North Carolina quarterbacks Mitch Trubisky (10) and Nathan Elliott (11) warm up during the team's first NCAA college football practice of the season in Chapel Hill, N.C., Friday, Aug. 5, 2016. (AP Photo/Gerry Broome)
Gerry Broome
August 07, 2016

CHAPEL HILL, N.C. (AP) Mack Hollins looks back at what North Carolina's high-scoring offense did last year and thinks the Tar Heels can do even more.

That would be quite a feat, too, considering the Tar Heels put up totals never seen before in the program's century-plus history

''If you're not getting better then you're getting worse,'' the receiver said Saturday on the team's preseason photo day. ''There's no staying the same. So we all believe - the entire offense and the entire defense believes we'll be better as a team as well as an offense.''

One thing is certain: that no-huddle offense running at go-go-go pace has become the defining characteristic of UNC's teams entering the fifth season under Larry Fedora. And with that unit posting big scoring totals, it provides quite a margin for error for the Tar Heels' defense while putting a lot of pressure on opposing offenses to keep up.

''I believe that this offense has the potential to be better than last year's offense,'' Fedora said. ''But they've still got to do it.''

North Carolina averaged program records of 40.7 points and 486.9 yards last season, while the Tar Heels also set school records with 570 points, 6,817 total yards and a national-best average of 7.28 yards per play. That helped UNC match a program record with 11 wins and play for the Atlantic Coast Conference championship.

That made it the fourth time in as many seasons that the Tar Heels finished in the top 10 of the program records for total offense per game.

And as good as that unit was, it seemed to take a big step in November coming down the stretch to secure the program's first ACC Coastal Division title. First came a 66-point, 704-yard outing in a rout of rival Duke. A week later, the Tar Heels scored the first 45 points and finished with 487 yards in a 59-21 win against Miami.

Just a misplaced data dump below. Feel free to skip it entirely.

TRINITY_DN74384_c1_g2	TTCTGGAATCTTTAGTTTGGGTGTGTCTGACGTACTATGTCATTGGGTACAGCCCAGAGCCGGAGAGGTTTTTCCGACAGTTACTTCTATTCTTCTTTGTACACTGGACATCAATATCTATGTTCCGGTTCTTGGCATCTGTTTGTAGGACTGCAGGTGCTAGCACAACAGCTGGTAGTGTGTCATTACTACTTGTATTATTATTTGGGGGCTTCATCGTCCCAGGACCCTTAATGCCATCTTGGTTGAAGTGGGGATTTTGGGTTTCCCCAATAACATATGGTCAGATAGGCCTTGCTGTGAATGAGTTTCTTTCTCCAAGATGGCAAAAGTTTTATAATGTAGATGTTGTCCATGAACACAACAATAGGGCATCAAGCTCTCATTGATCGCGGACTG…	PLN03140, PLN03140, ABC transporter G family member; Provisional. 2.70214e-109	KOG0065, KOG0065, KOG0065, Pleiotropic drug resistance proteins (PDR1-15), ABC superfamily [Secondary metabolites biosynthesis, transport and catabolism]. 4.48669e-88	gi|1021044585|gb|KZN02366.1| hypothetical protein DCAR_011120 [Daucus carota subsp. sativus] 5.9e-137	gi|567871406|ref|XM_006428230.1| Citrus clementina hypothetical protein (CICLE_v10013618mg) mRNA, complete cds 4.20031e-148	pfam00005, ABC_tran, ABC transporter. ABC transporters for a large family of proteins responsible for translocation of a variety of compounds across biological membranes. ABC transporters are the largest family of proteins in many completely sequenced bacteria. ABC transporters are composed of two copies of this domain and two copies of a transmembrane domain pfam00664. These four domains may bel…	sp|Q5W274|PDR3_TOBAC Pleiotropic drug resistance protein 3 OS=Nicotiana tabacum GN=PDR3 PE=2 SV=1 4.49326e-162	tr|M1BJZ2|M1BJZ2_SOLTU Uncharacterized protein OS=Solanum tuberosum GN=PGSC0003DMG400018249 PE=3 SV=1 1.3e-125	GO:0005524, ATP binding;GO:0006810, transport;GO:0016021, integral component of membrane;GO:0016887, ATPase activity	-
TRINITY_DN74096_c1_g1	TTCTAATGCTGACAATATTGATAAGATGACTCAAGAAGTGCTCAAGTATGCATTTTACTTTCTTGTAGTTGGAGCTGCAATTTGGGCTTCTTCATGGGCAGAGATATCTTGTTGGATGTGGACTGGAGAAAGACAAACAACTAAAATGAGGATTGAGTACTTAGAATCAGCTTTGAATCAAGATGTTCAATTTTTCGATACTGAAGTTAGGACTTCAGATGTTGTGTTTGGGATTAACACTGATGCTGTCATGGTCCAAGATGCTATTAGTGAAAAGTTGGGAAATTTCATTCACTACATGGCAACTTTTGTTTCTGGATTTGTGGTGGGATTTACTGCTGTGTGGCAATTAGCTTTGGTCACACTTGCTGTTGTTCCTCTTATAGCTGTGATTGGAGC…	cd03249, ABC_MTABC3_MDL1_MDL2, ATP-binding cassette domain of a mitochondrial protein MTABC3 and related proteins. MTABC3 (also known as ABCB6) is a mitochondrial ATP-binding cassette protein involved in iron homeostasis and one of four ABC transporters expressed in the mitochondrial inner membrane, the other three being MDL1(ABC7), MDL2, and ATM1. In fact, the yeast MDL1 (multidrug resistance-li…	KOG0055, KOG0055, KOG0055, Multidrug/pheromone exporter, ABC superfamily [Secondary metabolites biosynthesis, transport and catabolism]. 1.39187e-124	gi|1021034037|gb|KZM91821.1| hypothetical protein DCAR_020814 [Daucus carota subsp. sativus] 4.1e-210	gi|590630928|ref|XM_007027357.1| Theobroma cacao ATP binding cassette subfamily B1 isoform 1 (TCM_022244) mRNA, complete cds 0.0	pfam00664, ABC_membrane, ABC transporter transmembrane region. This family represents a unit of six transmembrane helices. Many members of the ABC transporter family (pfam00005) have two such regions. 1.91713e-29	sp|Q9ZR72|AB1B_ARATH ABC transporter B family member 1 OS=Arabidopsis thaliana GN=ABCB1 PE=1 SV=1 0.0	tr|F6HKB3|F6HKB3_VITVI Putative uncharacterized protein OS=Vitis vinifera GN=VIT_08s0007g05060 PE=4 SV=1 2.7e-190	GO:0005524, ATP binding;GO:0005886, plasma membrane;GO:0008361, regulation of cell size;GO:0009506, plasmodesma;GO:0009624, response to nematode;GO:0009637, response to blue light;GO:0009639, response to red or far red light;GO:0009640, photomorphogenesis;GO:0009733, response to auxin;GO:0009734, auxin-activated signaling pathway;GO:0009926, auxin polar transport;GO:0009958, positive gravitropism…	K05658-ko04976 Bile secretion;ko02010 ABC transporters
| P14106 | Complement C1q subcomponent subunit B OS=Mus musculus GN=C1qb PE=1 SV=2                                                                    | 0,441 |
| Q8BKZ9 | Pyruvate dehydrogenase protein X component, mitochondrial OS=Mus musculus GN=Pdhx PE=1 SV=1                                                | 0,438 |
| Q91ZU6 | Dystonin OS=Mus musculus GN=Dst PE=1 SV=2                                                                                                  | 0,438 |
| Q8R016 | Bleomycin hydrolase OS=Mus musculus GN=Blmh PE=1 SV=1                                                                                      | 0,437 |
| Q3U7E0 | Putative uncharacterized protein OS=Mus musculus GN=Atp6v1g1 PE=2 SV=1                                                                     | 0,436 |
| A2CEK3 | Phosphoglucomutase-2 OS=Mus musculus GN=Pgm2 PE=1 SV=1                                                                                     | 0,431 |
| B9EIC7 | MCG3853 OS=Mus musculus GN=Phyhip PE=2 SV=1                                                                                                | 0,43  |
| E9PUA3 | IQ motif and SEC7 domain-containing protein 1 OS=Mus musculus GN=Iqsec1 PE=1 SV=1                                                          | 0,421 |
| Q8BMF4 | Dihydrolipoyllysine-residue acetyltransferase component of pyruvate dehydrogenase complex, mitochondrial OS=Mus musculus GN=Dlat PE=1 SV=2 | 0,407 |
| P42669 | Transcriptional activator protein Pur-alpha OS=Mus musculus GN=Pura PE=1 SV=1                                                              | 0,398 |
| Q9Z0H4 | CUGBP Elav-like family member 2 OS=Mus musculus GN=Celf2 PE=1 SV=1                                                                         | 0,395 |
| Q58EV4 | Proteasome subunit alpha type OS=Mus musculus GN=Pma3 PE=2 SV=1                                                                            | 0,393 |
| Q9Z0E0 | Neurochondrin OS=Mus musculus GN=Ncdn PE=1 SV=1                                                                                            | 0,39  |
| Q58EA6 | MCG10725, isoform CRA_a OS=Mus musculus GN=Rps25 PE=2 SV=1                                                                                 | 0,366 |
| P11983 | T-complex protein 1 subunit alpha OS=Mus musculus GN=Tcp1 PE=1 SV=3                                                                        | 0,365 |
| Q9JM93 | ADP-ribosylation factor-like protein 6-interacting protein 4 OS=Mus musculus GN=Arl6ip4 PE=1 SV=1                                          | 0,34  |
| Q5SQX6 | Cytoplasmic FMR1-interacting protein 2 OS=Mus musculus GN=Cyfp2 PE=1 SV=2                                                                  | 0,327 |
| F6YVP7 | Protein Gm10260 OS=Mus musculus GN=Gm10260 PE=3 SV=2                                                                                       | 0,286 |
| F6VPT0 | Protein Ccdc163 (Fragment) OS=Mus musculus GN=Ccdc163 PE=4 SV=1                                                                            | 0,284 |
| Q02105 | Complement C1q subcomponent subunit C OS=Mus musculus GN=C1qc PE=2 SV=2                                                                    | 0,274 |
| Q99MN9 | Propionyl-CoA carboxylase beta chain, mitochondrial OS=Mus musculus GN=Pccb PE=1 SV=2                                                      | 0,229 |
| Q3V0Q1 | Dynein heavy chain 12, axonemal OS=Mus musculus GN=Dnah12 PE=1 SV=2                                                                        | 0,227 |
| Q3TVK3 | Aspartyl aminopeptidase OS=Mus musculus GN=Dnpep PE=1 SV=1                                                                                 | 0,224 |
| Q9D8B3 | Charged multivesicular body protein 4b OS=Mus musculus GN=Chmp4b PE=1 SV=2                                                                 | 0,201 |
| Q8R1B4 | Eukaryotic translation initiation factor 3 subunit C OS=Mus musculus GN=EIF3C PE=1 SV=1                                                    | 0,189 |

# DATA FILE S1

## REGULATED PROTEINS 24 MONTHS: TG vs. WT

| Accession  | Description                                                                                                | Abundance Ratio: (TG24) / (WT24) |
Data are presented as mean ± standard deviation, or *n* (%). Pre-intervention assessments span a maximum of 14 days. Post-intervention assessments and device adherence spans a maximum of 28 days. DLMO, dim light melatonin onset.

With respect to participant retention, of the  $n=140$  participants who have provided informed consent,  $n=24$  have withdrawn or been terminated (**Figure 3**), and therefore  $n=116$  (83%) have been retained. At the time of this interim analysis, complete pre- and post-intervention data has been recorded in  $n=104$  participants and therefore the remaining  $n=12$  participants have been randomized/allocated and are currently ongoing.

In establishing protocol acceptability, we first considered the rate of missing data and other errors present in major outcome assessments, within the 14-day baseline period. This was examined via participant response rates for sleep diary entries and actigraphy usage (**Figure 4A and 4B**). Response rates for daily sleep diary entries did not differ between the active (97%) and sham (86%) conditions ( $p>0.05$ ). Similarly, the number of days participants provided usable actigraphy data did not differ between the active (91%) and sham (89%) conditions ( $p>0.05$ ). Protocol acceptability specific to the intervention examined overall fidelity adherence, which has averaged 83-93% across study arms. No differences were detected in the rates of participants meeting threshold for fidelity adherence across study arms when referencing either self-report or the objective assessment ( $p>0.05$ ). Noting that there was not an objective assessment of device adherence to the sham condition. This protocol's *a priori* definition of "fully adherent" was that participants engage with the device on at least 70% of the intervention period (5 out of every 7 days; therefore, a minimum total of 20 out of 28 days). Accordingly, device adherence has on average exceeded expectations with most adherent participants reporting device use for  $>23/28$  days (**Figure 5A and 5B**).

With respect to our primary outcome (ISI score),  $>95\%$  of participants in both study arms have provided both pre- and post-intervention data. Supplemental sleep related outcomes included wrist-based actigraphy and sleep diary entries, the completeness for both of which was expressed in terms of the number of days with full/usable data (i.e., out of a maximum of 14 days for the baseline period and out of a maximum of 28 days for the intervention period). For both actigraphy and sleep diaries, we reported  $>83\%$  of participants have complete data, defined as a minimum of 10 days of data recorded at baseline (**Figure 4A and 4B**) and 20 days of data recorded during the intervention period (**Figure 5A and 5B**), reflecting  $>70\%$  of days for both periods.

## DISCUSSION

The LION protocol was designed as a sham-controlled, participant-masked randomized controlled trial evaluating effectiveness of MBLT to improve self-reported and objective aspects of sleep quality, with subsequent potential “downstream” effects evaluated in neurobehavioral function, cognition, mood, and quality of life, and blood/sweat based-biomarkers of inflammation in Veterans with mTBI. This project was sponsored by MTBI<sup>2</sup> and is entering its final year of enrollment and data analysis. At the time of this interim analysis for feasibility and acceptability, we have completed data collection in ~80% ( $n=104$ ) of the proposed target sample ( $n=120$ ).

They closed the regular season by scoring 35 points in the opening quarter to beat rival North Carolina State on the road, then lost shootouts with then-No. 1 Clemson in the ACC championship game and against Baylor in the Russell Athletic Bowl to end the year.

Hollins called that stretch ''the first time the offense has been run the way it was supposed to be.''

''There were a few games here and there throughout Coach Fedora's tenure, but it's never clicked for a consistent time'' like that before, Hollins said. ''When you win 11 games, you see it's because it's been clicking for so long. That's a result we expect every year if we're doing what we're supposed to be doing.''

That unit returns an elite runner in junior tailback Elijah Hood and an experienced backup in speedy senior T.J. Logan. There are big-play receivers in Hollins, Ryan Switzer and Bug Howard. There's a veteran offensive line.

And while junior Mitch Trubisky is entering his first year as the full-time starting quarterback, he's played well in spot duty.

''Just because the pieces are there doesn't mean it happens,'' Fedora said. ''So they've got a lot of hard work to do to make that happen. And they've got to want it more than I do.''

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Follow Aaron Beard on Twitter at http://www.twitter.com/aaronbeardap and the AP's college football site at http://collegefootball.ap.org

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